The New York Times called their essay contest “Modern Love,” which suggests something about my generation in itself: that love looks different today, somehow, from what it has in the past.
According to the winning essay, “No Labels, No Drama, Right?”, it does. (You should go read it. Like, right now. I’ll still be here, I promise.)
I love this essay because it is so honest, and there is a lyrical courage to it that reminds me of Ecclesiastes.
I hate it because it is so hopeless, even in its beauty. There are really great things in what the author has to say, and I even agree with some of her conclusions. But it breaks my heart, because the author and every man and woman who identify with her story are settling for something so much less than what they’re made for.
It’s not a matter of stuffing our hookup culture in a time machine and dialing it back to Mayberry days and values. There’s something deeper going on here. The author of the essay summarized the problem this way: “All the while, we avoid labels and try to bury our emotions. We aren’t supposed to want anything serious; not now, anyway. But a void is created when we refrain from telling it like it is, from allowing ourselves to feel how we feel.”
To me, that seems so close, but not quite it. Because I think, even if you allowed yourself to feel, if you admitted you wanted something more, would that be enough? And would it be enough even if you got that something more—a real relationship with boundaries and definitions?
I don’t think so. The void you’re feeling would not be filled with a define-the-relationship talk, a Facebook status change, even a wedding ring. I’ve seen people in my generation who thought all of those things would solve their discontent, only to be deeply disappointed when happiness didn’t come along with the events and accessories they always thought they wanted. It wasn’t enough.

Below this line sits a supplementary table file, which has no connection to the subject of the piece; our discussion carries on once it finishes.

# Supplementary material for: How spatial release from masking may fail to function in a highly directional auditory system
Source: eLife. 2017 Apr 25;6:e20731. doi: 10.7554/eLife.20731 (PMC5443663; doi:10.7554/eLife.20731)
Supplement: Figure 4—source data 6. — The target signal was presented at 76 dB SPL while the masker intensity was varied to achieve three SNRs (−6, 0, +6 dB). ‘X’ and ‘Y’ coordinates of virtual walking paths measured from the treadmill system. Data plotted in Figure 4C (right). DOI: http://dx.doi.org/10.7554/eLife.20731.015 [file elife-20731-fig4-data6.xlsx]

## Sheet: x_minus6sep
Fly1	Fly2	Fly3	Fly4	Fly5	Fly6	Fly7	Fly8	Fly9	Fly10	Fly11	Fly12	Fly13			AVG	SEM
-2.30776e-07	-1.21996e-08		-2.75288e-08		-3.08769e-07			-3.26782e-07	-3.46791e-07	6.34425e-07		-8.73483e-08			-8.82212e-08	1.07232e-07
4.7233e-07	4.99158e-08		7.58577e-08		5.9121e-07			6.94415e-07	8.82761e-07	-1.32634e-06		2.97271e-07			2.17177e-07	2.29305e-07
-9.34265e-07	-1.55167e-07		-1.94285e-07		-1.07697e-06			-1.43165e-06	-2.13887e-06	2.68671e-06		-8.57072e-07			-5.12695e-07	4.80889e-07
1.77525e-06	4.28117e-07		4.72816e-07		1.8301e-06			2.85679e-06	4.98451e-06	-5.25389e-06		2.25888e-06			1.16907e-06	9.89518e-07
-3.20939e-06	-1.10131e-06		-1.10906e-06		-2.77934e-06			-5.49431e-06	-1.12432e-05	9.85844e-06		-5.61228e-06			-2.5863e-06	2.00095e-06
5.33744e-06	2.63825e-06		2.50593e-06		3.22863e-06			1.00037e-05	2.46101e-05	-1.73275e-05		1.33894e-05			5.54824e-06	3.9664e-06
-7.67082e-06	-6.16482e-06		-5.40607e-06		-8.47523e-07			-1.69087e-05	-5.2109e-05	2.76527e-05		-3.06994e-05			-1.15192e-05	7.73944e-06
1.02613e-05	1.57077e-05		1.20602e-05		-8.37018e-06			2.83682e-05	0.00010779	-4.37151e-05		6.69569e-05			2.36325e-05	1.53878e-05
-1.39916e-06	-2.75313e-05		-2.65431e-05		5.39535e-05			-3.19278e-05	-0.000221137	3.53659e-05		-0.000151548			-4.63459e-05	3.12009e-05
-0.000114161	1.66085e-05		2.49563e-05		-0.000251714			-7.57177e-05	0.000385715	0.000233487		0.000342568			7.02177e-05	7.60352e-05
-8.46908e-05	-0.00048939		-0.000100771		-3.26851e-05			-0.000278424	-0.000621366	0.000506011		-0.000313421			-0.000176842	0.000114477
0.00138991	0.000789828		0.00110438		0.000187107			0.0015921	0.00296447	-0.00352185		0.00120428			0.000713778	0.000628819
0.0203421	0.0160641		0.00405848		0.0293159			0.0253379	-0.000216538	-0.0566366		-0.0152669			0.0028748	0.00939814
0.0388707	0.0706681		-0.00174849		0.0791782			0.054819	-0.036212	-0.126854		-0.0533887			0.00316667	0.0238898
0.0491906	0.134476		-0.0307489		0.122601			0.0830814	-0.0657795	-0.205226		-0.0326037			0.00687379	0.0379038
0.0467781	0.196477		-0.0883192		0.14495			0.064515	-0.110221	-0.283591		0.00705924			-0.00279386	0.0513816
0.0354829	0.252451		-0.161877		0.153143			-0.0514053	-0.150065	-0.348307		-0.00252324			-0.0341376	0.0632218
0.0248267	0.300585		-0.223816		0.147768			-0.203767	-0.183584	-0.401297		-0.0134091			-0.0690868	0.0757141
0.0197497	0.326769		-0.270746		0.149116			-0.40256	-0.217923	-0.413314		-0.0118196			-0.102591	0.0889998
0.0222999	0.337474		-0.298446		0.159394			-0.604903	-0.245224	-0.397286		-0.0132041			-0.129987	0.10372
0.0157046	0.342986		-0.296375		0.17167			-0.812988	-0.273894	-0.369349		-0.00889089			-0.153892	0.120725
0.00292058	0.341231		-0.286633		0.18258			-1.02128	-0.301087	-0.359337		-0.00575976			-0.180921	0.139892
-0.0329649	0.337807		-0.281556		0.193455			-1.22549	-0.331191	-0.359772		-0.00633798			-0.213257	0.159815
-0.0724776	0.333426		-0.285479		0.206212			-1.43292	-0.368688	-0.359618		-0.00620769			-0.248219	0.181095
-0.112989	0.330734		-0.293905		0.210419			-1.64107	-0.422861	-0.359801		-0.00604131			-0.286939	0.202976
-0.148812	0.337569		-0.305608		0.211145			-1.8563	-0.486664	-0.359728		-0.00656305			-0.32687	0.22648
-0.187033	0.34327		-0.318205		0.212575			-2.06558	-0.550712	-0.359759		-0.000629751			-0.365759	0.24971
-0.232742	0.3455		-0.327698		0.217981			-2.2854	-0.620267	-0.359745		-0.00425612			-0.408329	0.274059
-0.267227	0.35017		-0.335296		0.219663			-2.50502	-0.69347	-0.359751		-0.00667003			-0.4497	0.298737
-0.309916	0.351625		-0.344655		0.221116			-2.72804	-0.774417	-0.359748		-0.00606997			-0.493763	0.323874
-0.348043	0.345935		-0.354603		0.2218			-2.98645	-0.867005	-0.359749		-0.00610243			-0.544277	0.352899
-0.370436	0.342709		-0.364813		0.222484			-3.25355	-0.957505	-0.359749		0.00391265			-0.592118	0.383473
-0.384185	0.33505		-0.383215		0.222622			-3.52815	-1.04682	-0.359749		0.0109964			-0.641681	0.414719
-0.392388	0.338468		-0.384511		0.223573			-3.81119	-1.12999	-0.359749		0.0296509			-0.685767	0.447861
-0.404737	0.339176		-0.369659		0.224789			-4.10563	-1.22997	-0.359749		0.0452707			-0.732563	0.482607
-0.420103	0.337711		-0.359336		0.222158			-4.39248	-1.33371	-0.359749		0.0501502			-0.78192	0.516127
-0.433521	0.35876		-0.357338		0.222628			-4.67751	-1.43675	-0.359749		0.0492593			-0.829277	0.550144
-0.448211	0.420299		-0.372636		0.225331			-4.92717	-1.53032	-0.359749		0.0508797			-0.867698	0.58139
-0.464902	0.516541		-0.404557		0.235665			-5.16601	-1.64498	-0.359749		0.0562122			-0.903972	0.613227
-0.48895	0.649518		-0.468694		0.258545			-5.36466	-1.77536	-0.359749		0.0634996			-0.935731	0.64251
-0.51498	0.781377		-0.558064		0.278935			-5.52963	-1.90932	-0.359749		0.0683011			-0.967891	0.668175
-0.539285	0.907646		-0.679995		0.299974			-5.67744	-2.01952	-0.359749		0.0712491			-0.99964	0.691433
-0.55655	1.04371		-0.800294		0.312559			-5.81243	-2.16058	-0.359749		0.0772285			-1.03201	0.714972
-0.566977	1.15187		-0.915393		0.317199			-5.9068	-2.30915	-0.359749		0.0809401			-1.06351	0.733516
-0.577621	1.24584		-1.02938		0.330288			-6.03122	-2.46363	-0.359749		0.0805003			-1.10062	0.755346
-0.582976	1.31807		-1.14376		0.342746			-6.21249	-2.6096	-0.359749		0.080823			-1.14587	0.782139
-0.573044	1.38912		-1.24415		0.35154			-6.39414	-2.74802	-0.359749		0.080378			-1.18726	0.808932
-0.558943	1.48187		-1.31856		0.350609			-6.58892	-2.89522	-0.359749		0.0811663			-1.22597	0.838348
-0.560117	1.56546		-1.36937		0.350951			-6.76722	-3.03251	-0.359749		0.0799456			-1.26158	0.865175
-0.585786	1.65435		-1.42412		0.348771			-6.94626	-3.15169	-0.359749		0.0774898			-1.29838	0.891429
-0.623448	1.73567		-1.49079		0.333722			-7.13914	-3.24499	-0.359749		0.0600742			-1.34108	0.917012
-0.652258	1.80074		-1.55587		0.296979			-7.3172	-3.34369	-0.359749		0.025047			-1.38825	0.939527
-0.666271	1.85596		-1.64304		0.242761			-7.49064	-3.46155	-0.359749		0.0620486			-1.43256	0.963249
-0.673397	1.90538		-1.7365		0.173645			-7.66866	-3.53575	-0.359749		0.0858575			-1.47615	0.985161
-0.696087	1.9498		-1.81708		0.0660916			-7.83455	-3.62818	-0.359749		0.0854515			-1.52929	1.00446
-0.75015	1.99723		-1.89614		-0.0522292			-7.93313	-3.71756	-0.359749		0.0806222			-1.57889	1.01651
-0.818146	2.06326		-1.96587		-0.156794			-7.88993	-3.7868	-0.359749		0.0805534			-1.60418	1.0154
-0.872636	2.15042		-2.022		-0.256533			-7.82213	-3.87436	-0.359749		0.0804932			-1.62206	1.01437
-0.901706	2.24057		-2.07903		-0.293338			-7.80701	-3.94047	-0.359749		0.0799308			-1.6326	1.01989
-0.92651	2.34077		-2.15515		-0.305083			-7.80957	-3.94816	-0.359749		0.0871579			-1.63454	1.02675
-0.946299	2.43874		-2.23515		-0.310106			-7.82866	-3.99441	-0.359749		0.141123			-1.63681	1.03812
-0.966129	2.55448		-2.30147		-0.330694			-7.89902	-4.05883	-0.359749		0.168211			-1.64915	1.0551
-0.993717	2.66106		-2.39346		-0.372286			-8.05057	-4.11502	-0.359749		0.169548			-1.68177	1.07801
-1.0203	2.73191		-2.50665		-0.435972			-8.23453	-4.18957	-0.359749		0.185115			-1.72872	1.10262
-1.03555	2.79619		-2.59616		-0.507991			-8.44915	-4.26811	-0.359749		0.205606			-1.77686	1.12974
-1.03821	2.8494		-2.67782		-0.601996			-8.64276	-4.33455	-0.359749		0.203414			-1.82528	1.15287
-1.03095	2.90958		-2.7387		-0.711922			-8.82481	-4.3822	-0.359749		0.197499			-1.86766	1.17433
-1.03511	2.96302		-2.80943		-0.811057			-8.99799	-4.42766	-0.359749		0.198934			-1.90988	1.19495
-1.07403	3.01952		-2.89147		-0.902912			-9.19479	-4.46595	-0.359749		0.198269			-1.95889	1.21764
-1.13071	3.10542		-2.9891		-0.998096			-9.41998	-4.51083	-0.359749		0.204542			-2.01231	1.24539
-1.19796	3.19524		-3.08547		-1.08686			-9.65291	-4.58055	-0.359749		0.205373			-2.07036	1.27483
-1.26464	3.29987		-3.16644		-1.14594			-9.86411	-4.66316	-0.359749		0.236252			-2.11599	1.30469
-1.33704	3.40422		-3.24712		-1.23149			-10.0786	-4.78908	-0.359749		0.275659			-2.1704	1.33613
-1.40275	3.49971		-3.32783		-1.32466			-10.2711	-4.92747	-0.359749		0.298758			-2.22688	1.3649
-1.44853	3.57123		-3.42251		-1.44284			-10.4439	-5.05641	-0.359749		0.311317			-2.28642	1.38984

No, I wanted to say to the author of this piece, your Jeremy does have a label. He is not your boyfriend. He is your god. And when we love anything besides God with all our hearts, souls, minds, and strength—a person, an idea, an emotion, a possible future—we find that it can’t bear that weight. Any relationship will crumple under the misplaced love of idolatry.
The main problem isn’t that you’re looking for love in commitment-free sex or wishful fantasies. It’s that you’re looking for love apart from God.
You won’t find it anywhere else.
Do you know what is beautiful about a Christian marriage? It’s not bragging rights for the number on the anniversary cake that the happy couple achieved by gritted-teeth legalism and old-fashioned values. It’s not the ordinary courage it takes to trade independence for a tied-down-but-stable existence. It’s not even families that can rely on everyone showing up at the dinner table every night until death do us part.
The beauty of a Christian marriage is this: two people who commit to each other as a picture of their relationship to a God who loves unconditionally, who will never fail us or leave us alone. Or, as 1 John 4:19 puts it, “We love because he first loved us.”
My dad used to say two things every night before my twin sister and I went to sleep: “I love you” and “The love of God never changes.” Every night. And we’d say them back.
It’s only recently that I realized they were not actually two separate ideas. One was built on the other. To this day, I remember Dad explaining it, sometime before I was old enough to really feel the weight of what it meant: “I can’t promise I’ll never let you down,” he said. “But I want you to know that God won’t, not ever.”
To the people I love and will love in the future, whatever your label—I can’t promise I’ll never let you down or hurt you. Oh, I would love to be able to promise that. But I am weak and quick to anger and deeply selfish, and I will fail. But this I can promise: I will do all I can to let God’s love influence my love for you.
This is my generation too, and I want to tell a better love story.